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Asking Good Questions



March 28, 2017

It’s a smart, simple and preventative action that gets you safely and efficiently headed in the direction you need to go.

Professionally, it equips you with essential information, shows project stakeholders your interest and investment in their projects and is the first step in opening a collaborative communication line. While we all know that “the only bad question is the one you don’t ask,” I’ve found the three principles below make questioning a favorite and profoundly efficient tool for building and growing business relationships and completing successful projects.

1. Good Questions Prompt a Thoughtful Response

Make sure that your questions are open-ended enough to challenge the respondent to think. Silence is encouraged. My rule of thumb: If the question could be answered with a simple “yes” or “no,” take a step back and rephrase it to get the maximum amount of information while learning something new.

Applicable Examples of Useful Questions:

  • Planning a Project:
    What is the best way to move forward? How do you define project success?
  • Determining Brand Strategy:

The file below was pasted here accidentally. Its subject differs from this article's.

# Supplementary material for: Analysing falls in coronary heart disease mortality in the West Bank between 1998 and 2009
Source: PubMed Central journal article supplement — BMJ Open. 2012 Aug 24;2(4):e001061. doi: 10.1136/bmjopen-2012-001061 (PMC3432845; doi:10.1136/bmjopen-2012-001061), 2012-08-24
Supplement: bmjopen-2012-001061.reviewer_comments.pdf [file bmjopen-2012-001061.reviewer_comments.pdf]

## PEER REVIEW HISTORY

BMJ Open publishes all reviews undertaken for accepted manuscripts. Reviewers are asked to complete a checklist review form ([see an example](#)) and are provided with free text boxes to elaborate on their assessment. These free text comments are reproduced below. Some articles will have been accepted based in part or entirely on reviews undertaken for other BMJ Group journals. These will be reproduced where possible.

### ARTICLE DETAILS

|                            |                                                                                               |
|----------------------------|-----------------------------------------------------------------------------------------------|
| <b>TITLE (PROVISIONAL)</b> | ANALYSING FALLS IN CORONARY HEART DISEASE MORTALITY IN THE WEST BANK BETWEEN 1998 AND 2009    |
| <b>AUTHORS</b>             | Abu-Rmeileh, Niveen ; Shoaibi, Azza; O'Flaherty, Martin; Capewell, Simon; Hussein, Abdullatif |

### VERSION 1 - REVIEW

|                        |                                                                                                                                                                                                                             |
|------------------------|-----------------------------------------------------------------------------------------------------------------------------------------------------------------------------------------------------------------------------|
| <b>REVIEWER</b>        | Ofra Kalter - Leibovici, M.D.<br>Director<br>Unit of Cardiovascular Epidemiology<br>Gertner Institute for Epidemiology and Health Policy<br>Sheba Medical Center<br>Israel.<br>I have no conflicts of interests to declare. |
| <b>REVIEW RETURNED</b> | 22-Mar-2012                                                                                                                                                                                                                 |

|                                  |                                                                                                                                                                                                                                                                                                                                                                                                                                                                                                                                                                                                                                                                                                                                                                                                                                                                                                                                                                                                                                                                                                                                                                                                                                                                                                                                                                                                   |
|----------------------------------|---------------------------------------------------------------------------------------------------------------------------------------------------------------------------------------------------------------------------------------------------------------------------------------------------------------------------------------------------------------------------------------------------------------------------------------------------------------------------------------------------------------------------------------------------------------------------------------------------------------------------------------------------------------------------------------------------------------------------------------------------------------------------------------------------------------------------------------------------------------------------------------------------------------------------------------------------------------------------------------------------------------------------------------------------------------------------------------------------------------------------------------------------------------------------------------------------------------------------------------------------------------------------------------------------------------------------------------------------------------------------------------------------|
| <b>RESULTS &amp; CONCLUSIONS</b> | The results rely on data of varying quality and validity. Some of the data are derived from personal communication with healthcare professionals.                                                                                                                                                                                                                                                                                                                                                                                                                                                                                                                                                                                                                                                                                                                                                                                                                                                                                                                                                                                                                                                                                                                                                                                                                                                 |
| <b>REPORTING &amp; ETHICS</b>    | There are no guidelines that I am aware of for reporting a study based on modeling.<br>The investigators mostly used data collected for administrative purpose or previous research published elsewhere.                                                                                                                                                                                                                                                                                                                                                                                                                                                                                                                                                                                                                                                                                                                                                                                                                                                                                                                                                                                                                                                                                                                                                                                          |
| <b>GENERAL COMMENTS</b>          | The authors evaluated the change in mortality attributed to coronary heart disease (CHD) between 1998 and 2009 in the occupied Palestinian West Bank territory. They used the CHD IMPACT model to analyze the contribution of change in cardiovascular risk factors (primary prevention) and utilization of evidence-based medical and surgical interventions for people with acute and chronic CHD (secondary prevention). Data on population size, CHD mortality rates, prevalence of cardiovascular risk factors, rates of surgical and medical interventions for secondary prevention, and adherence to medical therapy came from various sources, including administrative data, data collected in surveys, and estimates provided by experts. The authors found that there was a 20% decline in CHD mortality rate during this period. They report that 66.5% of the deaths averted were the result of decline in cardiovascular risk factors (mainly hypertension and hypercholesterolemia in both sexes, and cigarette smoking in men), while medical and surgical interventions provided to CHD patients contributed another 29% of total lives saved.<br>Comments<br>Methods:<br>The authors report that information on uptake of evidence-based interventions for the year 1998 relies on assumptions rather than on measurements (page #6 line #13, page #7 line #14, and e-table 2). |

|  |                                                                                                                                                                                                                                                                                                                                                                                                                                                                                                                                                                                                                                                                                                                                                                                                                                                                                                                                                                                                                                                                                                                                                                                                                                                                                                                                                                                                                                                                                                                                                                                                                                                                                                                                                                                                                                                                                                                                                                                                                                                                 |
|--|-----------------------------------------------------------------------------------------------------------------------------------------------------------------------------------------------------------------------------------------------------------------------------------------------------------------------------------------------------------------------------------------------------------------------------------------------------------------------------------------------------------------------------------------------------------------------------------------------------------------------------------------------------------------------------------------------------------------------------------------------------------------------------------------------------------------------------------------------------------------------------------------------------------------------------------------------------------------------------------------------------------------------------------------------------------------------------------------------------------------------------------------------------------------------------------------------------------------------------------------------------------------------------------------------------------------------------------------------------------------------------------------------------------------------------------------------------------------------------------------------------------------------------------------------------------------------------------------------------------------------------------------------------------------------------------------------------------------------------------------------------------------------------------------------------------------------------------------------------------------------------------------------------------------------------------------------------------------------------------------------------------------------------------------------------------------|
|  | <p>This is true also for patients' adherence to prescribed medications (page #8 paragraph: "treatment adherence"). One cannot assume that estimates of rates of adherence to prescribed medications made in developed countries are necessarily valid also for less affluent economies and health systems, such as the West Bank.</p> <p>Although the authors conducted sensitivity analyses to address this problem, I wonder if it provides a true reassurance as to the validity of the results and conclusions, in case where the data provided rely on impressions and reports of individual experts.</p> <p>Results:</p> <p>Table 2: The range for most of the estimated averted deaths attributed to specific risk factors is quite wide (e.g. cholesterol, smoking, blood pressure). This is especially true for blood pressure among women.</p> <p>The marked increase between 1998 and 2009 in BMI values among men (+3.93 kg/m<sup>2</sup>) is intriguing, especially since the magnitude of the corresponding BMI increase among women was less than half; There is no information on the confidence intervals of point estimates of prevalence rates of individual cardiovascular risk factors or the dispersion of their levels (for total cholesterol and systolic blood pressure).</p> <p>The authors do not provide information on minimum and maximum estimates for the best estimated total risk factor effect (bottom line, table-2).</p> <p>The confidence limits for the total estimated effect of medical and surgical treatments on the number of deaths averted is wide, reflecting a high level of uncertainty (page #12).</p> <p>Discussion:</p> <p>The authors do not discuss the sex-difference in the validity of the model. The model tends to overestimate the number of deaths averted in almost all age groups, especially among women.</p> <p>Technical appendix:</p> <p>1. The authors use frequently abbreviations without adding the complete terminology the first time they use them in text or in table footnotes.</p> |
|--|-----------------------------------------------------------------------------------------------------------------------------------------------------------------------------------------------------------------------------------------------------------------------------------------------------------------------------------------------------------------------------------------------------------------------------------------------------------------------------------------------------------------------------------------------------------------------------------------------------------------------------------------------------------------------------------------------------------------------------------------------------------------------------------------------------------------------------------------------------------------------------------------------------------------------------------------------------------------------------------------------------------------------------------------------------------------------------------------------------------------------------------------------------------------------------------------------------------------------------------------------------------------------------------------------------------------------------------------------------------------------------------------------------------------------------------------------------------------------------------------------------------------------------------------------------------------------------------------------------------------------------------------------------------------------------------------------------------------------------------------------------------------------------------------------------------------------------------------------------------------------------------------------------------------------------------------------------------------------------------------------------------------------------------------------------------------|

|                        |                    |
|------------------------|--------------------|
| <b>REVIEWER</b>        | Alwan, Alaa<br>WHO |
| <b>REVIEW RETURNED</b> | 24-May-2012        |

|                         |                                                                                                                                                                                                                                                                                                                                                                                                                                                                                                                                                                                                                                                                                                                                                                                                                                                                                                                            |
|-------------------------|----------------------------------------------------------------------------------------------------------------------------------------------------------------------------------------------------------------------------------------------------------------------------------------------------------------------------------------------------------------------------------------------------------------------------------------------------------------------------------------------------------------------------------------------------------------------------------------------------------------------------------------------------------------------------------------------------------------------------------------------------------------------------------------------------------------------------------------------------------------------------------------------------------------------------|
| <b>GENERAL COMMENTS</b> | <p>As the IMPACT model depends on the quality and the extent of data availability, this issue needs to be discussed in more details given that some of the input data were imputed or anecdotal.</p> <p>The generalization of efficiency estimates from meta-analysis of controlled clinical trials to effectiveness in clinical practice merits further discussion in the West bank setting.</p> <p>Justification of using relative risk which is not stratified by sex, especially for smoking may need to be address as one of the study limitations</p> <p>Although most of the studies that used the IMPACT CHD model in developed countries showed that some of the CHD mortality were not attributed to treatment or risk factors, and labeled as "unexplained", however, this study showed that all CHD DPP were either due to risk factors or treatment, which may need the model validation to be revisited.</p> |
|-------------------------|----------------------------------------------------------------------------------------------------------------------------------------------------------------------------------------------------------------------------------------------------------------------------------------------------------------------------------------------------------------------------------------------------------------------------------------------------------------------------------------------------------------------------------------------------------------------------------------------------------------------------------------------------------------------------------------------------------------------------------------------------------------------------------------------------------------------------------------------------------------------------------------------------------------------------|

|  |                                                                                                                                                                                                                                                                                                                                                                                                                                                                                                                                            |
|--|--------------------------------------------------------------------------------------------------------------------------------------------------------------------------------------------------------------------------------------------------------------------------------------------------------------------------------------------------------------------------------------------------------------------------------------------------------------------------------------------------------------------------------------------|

What feelings should your brand evoke? What are some key differentiators?
  • Asking for Feedback:
    What about this do you like? What about this do you think could be stronger?

2. Good Questions Confirm or Challenge What You Think You Know

A surefire way to set yourself up for failure is to work based on an assumption. Whether it’s an assumption about your audience or about project roles and responsibilities, assumptions can lead you astray. It is always worth it to put in the time and effort it takes to align, confirm and then move forward.

Applicable Examples of Useful Questions:

  • Planning a Project:
    What is your ideal pass-off date? Can you confirm that X-person will be taking care of Y-task?
  • Determining Brand Strategy:
    How did you come to decide on this target audience? Would you identify your competitors as A, B, C?

3. Good Questions Are Asked at the Right Time

An important conclusion to these principles is the timing surrounding them. We’ve all been in meetings where a courtesy “any questions?” inquiry derails progress and prolongs conversations beyond the allotted discussion time. To avoid this, come prepared with the right questions specific to that meeting and direct them at the right person. Get to know the attendees, look for body language that might tell you if someone is confused and know when to be straightforward and bookmark items that can wait for another meeting (or an email).

I encourage you to harness your inquisitive mind when forming good questions — groom your words to become the tools that set you apart and set you up for success. Really, all you have to do is ask.

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